As a child, I grew up listening to music on my father’s prized possession, our stereo system, which consisted of a record player nestled deep within a richly oiled mahogany cabinet and two huge speakers that dominated the living room. Sunday mornings were dedicated to classical music, the afternoons were filled with Broadway musicals and the evenings were a potpourri ranging from classical guitar and folk to calypso and big band. It was during these wonderful forays that Rex Harrison and Julie Andrews taught me that “the rain in Spain stays mainly on the plane” and John Gary wooed my heart with “This Is All I Ask.”
But one of my all-time favorite songs was sung by Burl Ives, with a sugary voice that elicited images of delight in my 7-year-old heart. The song was originally recorded by Harry McClintock in 1928, and described an imaginary hobo’s paradise. (Ives sanitized the version and substituted peppermint trees for cigarette trees and deleted all references to alcohol.) The chorus in Ives’ children’s version of “Big Rock Candy Mountain” went like this:
“Oh the buzzin’ of the bees in the peppermint trees near the soda water fountain, At the lemonade springs where the blue bird sings on the Big Rock Candy Mountain.”
I would fall asleep dreaming of the Big Rock Candy Mountain, imagining where I would live. My house was made of chocolate chip ice cream that you could eat as fast as it would melt, only to be replaced by another house in strawberry or chocolate. I swam in a swimming pool filled with ginger ale, picked gum drop flowers and talked to squirrels named Squeaky, Squoogy and Scrumpy.
Fast forward to the summer of 2011. My husband, Ray, and I were returning from a month-long stay in Montana, driving to Tucson on the back-road of Highway 89. As we followed a winding turn, a magnificent golden peak loomed large, taking us totally by surprise. And when I read the sign, I literally screamed with delight.
“Wait, pull over, right now!” I squealed.
“What?” Ray answered, road-weary after seven straight hours of driving.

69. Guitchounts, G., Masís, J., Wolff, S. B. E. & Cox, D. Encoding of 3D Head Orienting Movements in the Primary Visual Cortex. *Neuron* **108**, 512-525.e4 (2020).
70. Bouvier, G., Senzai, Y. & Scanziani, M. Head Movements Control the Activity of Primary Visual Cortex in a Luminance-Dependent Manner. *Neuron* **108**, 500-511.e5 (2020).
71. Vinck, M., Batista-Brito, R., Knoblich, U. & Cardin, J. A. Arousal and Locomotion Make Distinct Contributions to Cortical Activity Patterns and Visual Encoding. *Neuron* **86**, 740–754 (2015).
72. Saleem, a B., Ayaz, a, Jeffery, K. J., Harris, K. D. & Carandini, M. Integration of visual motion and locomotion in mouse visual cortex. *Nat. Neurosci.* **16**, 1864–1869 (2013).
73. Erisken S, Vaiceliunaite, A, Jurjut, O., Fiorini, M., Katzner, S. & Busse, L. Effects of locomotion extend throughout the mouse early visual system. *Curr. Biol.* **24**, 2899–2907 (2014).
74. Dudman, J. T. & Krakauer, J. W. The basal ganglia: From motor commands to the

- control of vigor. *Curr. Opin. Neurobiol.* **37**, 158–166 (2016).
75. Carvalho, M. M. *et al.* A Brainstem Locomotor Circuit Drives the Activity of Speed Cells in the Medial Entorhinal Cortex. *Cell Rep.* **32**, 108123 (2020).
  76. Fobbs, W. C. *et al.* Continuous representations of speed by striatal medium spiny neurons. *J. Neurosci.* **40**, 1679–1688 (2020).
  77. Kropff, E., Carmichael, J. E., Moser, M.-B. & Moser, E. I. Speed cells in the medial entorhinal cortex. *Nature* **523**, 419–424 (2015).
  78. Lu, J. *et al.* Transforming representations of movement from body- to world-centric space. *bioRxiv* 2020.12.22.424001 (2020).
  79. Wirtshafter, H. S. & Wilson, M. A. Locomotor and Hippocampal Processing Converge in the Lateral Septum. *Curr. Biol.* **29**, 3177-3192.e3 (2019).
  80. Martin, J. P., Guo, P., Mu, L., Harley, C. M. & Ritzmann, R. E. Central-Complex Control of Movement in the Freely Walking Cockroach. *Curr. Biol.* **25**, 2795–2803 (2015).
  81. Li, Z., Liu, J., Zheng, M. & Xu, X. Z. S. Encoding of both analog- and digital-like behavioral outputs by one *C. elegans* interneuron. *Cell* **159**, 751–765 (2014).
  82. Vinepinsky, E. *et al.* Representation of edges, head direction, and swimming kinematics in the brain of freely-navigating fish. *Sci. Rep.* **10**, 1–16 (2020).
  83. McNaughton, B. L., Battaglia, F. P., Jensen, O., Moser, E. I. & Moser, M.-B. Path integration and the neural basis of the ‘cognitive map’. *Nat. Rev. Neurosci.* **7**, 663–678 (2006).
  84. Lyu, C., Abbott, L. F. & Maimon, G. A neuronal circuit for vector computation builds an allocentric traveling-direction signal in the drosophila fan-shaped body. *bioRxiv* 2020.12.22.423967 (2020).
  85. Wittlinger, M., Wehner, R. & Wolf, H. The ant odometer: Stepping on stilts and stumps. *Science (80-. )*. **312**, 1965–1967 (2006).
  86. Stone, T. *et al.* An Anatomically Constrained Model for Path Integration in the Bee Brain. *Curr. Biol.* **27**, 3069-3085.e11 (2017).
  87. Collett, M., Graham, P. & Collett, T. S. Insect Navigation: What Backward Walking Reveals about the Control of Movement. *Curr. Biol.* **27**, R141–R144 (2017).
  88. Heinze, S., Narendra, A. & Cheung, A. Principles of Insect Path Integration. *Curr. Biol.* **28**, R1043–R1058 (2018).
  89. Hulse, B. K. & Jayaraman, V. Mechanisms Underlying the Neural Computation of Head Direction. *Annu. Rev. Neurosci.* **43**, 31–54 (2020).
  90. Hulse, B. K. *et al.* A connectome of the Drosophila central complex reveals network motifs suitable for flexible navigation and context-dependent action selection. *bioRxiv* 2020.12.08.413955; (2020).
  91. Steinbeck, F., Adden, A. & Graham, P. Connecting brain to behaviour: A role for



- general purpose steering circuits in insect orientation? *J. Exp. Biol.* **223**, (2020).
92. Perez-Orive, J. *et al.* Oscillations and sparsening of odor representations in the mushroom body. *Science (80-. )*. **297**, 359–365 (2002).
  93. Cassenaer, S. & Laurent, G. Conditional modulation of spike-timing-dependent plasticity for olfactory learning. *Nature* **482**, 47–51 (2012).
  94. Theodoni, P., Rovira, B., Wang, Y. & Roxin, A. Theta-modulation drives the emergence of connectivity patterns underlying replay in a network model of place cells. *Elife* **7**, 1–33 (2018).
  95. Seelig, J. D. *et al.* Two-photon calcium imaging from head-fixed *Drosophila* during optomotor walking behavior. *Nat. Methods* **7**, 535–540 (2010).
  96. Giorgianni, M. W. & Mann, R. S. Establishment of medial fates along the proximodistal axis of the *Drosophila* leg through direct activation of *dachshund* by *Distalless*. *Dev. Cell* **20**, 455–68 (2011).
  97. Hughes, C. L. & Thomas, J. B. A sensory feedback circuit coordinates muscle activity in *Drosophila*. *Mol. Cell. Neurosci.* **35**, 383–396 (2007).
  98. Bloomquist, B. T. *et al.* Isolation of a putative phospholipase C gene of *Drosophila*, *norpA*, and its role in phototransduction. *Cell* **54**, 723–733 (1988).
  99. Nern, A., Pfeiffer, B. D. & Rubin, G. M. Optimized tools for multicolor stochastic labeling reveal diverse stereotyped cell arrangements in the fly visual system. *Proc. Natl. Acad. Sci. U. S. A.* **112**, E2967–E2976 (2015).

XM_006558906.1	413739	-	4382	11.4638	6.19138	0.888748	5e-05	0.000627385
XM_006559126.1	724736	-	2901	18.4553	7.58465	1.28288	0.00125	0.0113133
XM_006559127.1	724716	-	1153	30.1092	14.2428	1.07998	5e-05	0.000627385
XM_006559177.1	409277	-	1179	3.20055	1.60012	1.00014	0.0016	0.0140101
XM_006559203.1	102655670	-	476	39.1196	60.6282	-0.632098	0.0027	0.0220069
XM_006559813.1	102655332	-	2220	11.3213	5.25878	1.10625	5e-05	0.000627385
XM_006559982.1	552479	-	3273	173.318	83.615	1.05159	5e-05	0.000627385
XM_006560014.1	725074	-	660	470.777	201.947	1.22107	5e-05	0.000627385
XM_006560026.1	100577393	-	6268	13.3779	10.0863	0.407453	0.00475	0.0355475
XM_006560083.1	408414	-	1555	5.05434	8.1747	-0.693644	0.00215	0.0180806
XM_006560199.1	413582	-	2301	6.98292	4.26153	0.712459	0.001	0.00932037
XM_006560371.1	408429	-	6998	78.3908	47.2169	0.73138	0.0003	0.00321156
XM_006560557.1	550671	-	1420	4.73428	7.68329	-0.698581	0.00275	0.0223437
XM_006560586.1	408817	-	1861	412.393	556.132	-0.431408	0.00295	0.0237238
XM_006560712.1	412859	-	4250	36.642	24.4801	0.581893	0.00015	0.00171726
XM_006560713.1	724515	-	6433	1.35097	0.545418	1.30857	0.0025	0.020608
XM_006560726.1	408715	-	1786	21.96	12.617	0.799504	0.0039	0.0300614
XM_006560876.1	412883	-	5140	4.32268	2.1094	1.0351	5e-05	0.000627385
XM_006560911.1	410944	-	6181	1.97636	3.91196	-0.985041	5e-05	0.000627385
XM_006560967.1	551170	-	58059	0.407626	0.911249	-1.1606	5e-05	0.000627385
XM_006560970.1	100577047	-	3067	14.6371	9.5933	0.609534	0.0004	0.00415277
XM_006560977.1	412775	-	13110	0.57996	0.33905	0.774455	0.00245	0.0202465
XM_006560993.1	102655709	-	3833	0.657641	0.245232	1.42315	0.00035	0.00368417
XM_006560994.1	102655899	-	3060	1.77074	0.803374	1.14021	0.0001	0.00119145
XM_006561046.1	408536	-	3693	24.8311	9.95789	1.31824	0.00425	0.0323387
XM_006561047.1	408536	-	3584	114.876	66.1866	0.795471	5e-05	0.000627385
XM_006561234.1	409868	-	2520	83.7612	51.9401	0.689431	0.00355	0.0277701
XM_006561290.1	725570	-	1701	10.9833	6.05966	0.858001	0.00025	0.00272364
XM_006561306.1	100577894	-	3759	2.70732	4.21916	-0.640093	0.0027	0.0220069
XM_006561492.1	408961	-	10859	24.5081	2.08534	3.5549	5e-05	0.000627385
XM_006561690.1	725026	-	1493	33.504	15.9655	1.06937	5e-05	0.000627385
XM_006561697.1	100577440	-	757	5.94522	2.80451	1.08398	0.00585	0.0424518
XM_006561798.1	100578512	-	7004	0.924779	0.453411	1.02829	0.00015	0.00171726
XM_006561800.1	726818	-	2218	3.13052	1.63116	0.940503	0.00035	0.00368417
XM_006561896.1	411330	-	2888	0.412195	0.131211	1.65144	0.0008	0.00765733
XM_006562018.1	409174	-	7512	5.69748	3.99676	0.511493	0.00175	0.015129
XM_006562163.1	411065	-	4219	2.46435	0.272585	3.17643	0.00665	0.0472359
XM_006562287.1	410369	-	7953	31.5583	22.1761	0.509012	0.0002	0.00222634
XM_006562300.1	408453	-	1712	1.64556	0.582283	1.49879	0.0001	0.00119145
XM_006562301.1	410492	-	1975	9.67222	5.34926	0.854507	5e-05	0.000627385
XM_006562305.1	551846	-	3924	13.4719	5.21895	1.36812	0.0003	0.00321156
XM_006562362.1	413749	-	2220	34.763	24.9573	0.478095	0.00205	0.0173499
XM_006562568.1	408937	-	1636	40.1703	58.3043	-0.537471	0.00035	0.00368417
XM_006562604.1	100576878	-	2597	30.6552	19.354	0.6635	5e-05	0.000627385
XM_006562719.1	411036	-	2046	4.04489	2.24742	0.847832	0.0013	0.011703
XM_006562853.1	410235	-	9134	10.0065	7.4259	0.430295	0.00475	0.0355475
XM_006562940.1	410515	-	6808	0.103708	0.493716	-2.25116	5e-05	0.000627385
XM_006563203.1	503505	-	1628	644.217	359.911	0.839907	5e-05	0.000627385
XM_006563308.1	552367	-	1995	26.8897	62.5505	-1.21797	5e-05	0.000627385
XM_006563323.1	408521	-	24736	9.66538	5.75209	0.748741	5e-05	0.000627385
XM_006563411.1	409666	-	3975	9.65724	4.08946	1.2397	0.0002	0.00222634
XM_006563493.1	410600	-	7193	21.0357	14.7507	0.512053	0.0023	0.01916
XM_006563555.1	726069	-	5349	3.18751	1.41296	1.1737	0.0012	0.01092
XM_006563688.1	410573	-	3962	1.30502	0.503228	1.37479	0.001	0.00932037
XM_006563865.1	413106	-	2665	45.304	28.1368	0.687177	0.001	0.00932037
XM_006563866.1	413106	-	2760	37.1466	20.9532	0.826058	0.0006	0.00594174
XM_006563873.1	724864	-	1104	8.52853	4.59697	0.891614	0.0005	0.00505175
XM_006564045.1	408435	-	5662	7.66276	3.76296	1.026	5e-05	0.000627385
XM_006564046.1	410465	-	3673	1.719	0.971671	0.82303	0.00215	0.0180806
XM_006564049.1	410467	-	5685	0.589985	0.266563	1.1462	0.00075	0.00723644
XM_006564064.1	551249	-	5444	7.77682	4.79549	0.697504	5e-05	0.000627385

“Look where we are!” I repeated as if it was obvious.
It was then that he noticed the sign. The Big Rock Candy Mountain was staring us in the face.
It’s not often that one arrives at her childhood paradise, so of course we had to stay the night. It was a bit disappointing, however, to learn that our hotel room was made of stone and wood and no squirrels answered to the name of Scrumpy.
Paradise is a complex and intriguing idea that has been a part of the human experience since the beginning of time. In many cultures and religions, paradise was imagined as a garden, a place of extreme beauty and perfection like the Garden of Eden. (The word paradise in Hebrew comes from the same root word as pardes, which means orchard.) Paradise has most often been identified in world religions as the physical place where righteous souls ascend after death to dwell with God.
But it’s not as clear in the Jewish tradition, where ideas about the afterlife are varied and somewhat difficult to define. There is no mention of Heaven or the afterlife in the Torah, although there is reference to a place called Gehinnom or Sheol (Hell). The Talmud, the Zohar and later rabbinic teachings refer to an afterlife and Olam Ha Bah, or the World to Come. This is viewed as both a place in time and a physical place; an era in history heralded by the coming of the Messiah as well as the place where righteous souls will be rewarded after death to “feast on the brightness of the Divine Presence.”
I was only 7 when I first began to imagine my own personal paradise as a rock candy mountain, where I could feast on an ice cream house and talk to animals. But as my needs and desires have changed, as my age and health and family makeup have evolved, my concept of paradise has too. In my earlier years, it was related to what I didn’t have, to what I hoped to achieve, to what I wanted to see in my future. At this point in my life, paradise is more about what I do have – the blessings of good health, family and friends, a community that I value and work that is meaningful. Paradise is here and now.
Each one of us may have our Big Rock Candy Mountain and not even realize it. Perhaps that’s why we took the longer route through Utah, so that I could find mine once again.
Amy Hirshberg Lederman is an author, Jewish educator, public speaker and attorney who lives in Tucson. Her columns in the AJP have won awards from the American Jewish Press Association, the Arizona Newspapers Association and the Arizona Press Club for excellence in commentary. Visit her website at amyhirshberglederman.com.